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Last Updated: Tuesday, 27 November 2007, 02:07 GMT
Malnutrition 'a widespread risk'
Image of an elderly patient
Malnutrition can mean a longer hospital stay
A quarter of all adults admitted to hospital and care homes in the UK are at risk of malnutrition, a major survey has found.

The British Association for Parenteral and Enteral Nutrition (Bapen) collected data on 11,665 new admissions to 372 institutions over three days.

The association is calling for nutrition screening on admission as standard for all patients.

Ministers said an action plan had been launched to improve services.

HOSPITAL PATIENTS' RISK
Under 20 years old: 30%
20-29: 27%
30-39: 27%
40-49: 24%
50-59: 22%
60-69: 26%
70-79: 28%
80-89: 33%
Over 90: 38%

The Bapen survey found that it was not just older patients who were at risk of malnutrition.

Patients under the age of 30 had a 27% risk of malnutrition, compared with a 34% for those over 80.

Health impact

Malnourished people stay in hospital longer, succumb to infection more often and visit their GP more frequently.

They also require longer-term care and more intensive nursing care.

However, the symptoms may not be immediately obvious.

Professor Marinos Elia, Bapen chair, said: "This finding establishes - if there was any doubt - that malnutrition is a major public health issue in the community that must be addressed both at source and when individuals are admitted into care.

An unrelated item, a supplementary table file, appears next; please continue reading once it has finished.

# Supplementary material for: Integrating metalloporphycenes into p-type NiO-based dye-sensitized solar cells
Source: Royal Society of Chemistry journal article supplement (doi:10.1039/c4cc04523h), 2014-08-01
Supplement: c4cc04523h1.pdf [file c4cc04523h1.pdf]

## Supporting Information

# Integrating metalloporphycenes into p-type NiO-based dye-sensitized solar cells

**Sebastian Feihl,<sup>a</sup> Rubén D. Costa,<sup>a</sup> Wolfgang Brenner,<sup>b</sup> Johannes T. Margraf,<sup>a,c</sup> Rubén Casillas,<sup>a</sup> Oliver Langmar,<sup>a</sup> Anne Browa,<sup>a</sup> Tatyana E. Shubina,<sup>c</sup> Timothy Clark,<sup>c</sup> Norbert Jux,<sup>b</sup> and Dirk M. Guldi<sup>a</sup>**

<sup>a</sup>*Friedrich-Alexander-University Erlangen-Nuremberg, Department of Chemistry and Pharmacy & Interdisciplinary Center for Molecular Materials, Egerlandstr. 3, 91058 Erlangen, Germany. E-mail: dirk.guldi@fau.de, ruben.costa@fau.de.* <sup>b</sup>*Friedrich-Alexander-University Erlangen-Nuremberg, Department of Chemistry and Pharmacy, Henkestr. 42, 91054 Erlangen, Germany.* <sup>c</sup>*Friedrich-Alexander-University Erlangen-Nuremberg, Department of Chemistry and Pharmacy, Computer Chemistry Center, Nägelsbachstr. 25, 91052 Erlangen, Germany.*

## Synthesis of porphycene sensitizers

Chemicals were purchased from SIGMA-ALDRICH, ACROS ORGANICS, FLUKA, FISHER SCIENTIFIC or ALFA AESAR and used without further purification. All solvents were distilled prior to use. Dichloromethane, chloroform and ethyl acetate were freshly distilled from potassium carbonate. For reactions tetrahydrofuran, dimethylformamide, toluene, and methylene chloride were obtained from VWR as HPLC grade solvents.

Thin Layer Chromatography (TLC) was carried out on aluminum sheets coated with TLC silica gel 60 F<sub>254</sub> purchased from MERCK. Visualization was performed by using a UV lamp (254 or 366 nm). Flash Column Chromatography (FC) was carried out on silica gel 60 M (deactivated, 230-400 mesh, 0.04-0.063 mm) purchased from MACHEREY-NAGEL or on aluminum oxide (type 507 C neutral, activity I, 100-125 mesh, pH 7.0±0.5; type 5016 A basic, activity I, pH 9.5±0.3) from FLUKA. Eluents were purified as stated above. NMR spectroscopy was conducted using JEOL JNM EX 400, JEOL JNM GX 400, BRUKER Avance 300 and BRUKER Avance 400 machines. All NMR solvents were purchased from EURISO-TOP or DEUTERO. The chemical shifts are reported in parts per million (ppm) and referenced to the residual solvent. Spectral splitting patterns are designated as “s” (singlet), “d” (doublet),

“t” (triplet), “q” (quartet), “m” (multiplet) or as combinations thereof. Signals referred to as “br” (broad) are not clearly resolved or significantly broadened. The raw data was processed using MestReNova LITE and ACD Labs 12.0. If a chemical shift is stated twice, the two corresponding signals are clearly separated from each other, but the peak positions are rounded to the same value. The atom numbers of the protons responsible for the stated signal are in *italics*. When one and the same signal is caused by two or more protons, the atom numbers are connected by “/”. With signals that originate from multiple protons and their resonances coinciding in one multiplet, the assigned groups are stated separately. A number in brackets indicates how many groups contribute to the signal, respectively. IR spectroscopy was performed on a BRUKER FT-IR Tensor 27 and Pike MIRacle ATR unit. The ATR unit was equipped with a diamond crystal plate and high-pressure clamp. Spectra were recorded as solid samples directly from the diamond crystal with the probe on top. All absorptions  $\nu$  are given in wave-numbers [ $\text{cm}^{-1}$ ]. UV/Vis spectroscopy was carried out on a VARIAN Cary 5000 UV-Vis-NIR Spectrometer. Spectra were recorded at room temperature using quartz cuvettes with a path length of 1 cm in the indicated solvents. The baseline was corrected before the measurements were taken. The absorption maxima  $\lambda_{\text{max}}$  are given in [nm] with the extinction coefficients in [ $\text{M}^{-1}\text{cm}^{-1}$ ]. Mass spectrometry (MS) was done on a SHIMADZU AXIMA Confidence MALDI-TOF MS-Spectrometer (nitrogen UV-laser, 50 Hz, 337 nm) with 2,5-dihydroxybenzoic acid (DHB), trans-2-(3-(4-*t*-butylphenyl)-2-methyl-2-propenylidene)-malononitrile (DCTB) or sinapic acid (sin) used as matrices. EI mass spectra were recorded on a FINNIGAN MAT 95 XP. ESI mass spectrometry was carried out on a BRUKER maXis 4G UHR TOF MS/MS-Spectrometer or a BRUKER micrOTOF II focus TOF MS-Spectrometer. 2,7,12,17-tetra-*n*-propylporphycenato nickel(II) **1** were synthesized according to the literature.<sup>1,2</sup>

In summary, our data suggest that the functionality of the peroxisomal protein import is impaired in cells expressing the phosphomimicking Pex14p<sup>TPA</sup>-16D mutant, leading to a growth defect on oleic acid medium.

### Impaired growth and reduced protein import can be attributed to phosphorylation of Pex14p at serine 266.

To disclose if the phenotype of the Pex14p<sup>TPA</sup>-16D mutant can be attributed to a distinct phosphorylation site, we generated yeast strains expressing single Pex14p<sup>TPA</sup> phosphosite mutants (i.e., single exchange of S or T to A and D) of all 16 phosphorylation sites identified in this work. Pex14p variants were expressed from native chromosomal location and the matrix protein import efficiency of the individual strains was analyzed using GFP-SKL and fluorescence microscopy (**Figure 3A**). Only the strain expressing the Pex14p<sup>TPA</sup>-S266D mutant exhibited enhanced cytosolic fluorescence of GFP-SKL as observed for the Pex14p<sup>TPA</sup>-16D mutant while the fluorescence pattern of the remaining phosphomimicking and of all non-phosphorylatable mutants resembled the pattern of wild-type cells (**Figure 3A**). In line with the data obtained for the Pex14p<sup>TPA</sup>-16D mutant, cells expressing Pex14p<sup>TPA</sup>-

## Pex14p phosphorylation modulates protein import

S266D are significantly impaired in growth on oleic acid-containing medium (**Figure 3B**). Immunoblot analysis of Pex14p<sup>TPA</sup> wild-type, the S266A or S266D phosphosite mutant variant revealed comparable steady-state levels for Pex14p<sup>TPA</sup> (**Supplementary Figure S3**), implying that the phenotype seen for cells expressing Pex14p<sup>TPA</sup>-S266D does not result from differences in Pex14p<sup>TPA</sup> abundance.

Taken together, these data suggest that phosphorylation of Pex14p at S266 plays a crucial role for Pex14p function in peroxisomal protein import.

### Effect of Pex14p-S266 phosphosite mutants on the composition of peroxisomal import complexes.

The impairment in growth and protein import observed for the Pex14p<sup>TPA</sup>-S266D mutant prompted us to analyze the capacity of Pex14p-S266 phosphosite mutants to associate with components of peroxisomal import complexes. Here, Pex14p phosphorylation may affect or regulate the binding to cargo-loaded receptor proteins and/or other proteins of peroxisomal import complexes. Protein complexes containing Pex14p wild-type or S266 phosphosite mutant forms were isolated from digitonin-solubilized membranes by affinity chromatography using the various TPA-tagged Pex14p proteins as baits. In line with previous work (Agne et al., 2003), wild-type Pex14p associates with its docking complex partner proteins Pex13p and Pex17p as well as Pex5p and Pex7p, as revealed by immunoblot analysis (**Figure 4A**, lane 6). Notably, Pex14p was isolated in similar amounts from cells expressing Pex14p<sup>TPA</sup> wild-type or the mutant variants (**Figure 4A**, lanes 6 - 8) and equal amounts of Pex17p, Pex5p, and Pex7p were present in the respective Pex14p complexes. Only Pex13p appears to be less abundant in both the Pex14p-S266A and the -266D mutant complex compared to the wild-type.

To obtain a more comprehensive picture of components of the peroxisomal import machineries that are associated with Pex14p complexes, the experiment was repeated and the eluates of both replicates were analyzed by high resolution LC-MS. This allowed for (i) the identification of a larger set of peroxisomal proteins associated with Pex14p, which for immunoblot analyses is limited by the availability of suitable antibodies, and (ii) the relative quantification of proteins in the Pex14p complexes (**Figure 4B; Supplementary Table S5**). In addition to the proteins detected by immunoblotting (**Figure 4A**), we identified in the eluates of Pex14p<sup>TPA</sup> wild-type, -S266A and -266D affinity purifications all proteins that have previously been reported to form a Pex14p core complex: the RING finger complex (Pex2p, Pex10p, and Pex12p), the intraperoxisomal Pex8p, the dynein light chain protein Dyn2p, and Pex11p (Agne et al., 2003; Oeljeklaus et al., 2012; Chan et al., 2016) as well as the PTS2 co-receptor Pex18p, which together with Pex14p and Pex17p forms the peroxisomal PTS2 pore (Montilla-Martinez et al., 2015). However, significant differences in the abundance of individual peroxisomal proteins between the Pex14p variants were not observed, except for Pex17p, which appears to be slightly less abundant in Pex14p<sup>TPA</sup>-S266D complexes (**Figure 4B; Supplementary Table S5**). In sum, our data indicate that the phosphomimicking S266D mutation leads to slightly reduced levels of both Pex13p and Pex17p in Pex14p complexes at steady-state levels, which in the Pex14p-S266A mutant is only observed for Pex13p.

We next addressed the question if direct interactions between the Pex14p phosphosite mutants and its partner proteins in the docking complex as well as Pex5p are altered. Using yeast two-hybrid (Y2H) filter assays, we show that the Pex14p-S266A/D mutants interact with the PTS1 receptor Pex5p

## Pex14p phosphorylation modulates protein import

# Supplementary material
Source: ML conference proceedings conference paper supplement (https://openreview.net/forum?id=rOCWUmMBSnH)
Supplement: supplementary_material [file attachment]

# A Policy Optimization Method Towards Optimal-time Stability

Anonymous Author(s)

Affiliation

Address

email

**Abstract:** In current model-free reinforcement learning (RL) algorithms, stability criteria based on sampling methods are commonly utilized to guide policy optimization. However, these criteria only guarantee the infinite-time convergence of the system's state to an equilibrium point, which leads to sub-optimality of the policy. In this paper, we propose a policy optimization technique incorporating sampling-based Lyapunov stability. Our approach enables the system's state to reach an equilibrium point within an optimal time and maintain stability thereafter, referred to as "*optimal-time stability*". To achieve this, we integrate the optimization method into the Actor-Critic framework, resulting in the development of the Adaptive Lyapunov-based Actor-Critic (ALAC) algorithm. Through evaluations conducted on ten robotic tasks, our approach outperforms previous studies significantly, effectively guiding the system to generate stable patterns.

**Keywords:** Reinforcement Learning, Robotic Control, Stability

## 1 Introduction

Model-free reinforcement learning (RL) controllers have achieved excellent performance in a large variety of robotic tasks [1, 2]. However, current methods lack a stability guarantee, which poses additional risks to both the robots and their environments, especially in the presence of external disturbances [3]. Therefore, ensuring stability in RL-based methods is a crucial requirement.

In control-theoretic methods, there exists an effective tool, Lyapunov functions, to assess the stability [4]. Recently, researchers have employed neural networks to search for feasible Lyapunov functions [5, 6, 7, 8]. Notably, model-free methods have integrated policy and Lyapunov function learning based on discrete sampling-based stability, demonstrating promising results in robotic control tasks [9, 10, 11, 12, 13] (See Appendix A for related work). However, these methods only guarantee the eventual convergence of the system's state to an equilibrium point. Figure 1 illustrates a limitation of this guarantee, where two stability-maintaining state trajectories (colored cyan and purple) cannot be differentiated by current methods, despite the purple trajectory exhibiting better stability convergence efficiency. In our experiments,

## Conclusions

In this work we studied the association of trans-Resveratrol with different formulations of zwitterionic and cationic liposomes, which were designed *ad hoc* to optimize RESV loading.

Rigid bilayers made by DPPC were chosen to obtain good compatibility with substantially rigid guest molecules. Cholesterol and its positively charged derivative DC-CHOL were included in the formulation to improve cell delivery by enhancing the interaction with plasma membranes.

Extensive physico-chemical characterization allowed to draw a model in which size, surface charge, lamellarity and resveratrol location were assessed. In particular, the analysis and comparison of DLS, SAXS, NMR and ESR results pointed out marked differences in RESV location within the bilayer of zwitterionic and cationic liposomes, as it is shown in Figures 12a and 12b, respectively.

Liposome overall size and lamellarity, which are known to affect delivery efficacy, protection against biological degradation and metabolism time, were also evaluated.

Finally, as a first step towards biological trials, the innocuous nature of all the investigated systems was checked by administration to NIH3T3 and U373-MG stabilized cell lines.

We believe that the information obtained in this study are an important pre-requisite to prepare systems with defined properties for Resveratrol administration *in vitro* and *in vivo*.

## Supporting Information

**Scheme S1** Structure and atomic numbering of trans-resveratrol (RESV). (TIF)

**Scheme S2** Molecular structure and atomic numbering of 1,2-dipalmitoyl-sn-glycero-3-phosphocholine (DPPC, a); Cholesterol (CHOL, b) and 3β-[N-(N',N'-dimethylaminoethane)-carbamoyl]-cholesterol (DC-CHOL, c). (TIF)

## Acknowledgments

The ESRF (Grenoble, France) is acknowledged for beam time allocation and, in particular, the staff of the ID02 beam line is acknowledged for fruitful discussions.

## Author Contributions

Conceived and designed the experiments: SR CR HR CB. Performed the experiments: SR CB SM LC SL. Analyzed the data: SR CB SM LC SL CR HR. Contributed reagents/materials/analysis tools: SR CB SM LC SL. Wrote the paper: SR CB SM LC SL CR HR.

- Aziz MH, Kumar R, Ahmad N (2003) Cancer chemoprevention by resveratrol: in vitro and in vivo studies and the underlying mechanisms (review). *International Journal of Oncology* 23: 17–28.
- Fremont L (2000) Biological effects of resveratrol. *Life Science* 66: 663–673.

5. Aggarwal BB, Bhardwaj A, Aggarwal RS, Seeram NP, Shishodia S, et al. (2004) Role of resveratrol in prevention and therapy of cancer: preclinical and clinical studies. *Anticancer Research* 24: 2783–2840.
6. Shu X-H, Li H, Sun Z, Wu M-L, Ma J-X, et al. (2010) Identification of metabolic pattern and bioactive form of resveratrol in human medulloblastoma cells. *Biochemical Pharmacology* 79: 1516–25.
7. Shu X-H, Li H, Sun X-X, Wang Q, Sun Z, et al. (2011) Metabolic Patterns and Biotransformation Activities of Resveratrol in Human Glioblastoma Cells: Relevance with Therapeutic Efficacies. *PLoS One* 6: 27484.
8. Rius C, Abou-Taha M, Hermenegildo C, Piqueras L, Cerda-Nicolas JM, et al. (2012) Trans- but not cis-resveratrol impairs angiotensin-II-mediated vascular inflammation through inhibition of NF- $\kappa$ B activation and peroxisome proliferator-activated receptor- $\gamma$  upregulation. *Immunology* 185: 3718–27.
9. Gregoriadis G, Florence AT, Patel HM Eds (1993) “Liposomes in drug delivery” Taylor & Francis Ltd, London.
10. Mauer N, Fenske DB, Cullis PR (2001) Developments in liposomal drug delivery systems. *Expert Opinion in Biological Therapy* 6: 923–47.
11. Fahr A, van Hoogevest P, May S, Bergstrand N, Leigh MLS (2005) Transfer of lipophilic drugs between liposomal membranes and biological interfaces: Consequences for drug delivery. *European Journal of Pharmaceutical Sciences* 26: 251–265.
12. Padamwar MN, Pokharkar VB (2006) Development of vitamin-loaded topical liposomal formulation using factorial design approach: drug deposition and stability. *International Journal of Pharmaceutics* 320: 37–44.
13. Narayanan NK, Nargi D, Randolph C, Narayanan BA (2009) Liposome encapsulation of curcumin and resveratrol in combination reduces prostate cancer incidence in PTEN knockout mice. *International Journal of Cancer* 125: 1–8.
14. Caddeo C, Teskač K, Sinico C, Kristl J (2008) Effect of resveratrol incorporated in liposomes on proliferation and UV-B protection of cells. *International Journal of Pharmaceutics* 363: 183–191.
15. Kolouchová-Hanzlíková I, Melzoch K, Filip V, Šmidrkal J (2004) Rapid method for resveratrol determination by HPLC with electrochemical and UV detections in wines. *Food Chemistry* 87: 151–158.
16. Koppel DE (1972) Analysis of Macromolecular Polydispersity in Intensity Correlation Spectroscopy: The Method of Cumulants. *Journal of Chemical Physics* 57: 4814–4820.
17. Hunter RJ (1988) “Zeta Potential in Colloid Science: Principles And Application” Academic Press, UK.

"All hospitals and care homes should implement nutrition screening on admission to ensure that all those at risk - no matter their age or physical appearance - are identified and an appropriate and individual nutritional care plan is provided."

MALNUTRITION EFFECTS
Impaired immune responses
Reduced muscle strength and fatigue
Increased difficulties in breathing
Impaired thermoregulation
Impaired wound healing
Apathy, depression and self-neglect
Poor libido

In 2004, the Department of Health issued core standards for the NHS which commit trusts to providing patients with a balanced and nutritional diet.

Two years later, the National Institute for Clinical Excellence issued guidelines recommending that all new patients be routinely screened on admission and offered specialist nutritional support if necessary.

But charities such as Age Concern complain malnutrition remains prevalent because policy is not necessarily being put into practice.

Nurses, it is often argued, simply do not have the time to ensure patients are eating properly.

The problem is an expensive one, thought to cost the NHS more than 7bn every year.

The Bapen survey found that 89% of hospitals and 82% of care homes who took already have screening policies in place.

Ivan Lewis, Care Services Minister, said the government had launched a nutrition action plan to improve monitoring and care of patients.

He said: "We know that good nutrition is central to people's good health and ability to recover from illness.

"It is important that every older person is given a nutritional screening which is reviewed on a regular basis."



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